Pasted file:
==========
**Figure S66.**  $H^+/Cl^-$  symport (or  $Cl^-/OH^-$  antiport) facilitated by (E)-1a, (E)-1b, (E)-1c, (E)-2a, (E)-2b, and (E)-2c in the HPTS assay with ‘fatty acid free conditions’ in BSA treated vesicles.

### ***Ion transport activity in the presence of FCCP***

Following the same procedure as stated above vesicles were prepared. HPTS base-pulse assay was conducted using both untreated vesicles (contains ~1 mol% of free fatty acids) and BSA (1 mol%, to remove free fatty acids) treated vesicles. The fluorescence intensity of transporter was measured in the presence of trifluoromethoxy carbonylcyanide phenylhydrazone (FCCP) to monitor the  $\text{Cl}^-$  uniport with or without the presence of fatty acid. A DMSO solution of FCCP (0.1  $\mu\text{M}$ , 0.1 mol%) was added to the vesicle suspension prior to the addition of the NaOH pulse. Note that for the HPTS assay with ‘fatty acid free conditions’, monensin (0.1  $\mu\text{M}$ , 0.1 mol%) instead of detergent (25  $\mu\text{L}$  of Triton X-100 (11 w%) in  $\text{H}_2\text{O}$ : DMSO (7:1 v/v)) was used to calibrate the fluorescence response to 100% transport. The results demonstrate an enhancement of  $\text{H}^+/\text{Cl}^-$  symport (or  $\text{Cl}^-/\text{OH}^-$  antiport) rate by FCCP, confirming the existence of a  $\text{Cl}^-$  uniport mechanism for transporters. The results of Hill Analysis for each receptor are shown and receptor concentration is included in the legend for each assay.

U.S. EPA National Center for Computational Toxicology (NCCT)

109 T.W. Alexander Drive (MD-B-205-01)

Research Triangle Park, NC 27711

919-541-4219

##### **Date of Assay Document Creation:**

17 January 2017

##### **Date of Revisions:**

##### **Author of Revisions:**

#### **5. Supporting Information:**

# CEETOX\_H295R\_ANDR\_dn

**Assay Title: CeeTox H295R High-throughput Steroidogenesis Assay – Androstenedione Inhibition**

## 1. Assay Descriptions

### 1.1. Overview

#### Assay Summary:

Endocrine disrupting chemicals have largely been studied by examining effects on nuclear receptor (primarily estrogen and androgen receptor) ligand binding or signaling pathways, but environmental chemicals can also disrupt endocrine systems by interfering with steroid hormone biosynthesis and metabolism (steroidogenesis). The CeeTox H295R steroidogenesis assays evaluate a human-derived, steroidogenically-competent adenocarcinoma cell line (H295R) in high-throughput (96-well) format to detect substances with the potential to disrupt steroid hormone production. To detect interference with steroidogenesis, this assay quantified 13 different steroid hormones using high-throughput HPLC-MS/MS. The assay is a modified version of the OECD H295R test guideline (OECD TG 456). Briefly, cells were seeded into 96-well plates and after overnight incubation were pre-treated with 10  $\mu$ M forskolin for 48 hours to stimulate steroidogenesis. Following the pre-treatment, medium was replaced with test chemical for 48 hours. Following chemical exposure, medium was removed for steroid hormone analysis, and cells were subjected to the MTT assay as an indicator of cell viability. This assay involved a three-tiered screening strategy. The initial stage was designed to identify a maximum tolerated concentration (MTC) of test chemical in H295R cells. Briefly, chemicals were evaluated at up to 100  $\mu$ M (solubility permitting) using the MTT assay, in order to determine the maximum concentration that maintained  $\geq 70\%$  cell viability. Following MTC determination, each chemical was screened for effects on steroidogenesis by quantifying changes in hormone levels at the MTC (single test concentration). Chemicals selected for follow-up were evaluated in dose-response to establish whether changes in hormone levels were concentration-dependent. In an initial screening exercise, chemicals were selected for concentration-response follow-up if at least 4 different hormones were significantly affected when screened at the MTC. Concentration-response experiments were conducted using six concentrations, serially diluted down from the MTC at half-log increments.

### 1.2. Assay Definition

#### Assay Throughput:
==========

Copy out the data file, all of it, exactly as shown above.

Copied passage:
**Figure S66.**  $H^+/Cl^-$  symport (or  $Cl^-/OH^-$  antiport) facilitated by (E)-1a, (E)-1b, (E)-1c, (E)-2a, (E)-2b, and (E)-2c in the HPTS assay with ‘fatty acid free conditions’ in BSA treated vesicles.

### ***Ion transport activity in the presence of FCCP***

Following the same procedure as stated above vesicles were prepared. HPTS base-pulse assay was conducted using both untreated vesicles (contains ~1 mol% of free fatty acids) and BSA (1 mol%, to remove free fatty acids) treated vesicles. The fluorescence intensity of transporter was measured in the presence of trifluoromethoxy carbonylcyanide phenylhydrazone (FCCP) to monitor the  $\text{Cl}^-$  uniport with or without the presence of fatty acid. A DMSO solution of FCCP (0.1  $\mu\text{M}$ , 0.1 mol%) was added to the vesicle suspension prior to the addition of the NaOH pulse. Note that for the HPTS assay with ‘fatty acid free conditions’, monensin (0.1  $\mu\text{M}$ , 0.1 mol%) instead of detergent (25  $\mu\text{L}$  of Triton X-100 (11 w%) in  $\text{H}_2\text{O}$ : DMSO (7:1 v/v)) was used to calibrate the fluorescence response to 100% transport. The results demonstrate an enhancement of  $\text{H}^+/\text{Cl}^-$  symport (or  $\text{Cl}^-/\text{OH}^-$  antiport) rate by FCCP, confirming the existence of a  $\text{Cl}^-$  uniport mechanism for transporters. The results of Hill Analysis for each receptor are shown and receptor concentration is included in the legend for each assay.

U.S. EPA National Center for Computational Toxicology (NCCT)

109 T.W. Alexander Drive (MD-B-205-01)

Research Triangle Park, NC 27711

919-541-4219

##### **Date of Assay Document Creation:**

17 January 2017

##### **Date of Revisions:**

##### **Author of Revisions:**

#### **5. Supporting Information:**

# CEETOX\_H295R\_ANDR\_dn

**Assay Title: CeeTox H295R High-throughput Steroidogenesis Assay – Androstenedione Inhibition**

## 1. Assay Descriptions

### 1.1. Overview

#### Assay Summary:

Endocrine disrupting chemicals have largely been studied by examining effects on nuclear receptor (primarily estrogen and androgen receptor) ligand binding or signaling pathways, but environmental chemicals can also disrupt endocrine systems by interfering with steroid hormone biosynthesis and metabolism (steroidogenesis). The CeeTox H295R steroidogenesis assays evaluate a human-derived, steroidogenically-competent adenocarcinoma cell line (H295R) in high-throughput (96-well) format to detect substances with the potential to disrupt steroid hormone production. To detect interference with steroidogenesis, this assay quantified 13 different steroid hormones using high-throughput HPLC-MS/MS. The assay is a modified version of the OECD H295R test guideline (OECD TG 456). Briefly, cells were seeded into 96-well plates and after overnight incubation were pre-treated with 10  $\mu$ M forskolin for 48 hours to stimulate steroidogenesis. Following the pre-treatment, medium was replaced with test chemical for 48 hours. Following chemical exposure, medium was removed for steroid hormone analysis, and cells were subjected to the MTT assay as an indicator of cell viability. This assay involved a three-tiered screening strategy. The initial stage was designed to identify a maximum tolerated concentration (MTC) of test chemical in H295R cells. Briefly, chemicals were evaluated at up to 100  $\mu$ M (solubility permitting) using the MTT assay, in order to determine the maximum concentration that maintained  $\geq 70\%$  cell viability. Following MTC determination, each chemical was screened for effects on steroidogenesis by quantifying changes in hormone levels at the MTC (single test concentration). Chemicals selected for follow-up were evaluated in dose-response to establish whether changes in hormone levels were concentration-dependent. In an initial screening exercise, chemicals were selected for concentration-response follow-up if at least 4 different hormones were significantly affected when screened at the MTC. Concentration-response experiments were conducted using six concentrations, serially diluted down from the MTC at half-log increments.

### 1.2. Assay Definition

#### Assay Throughput: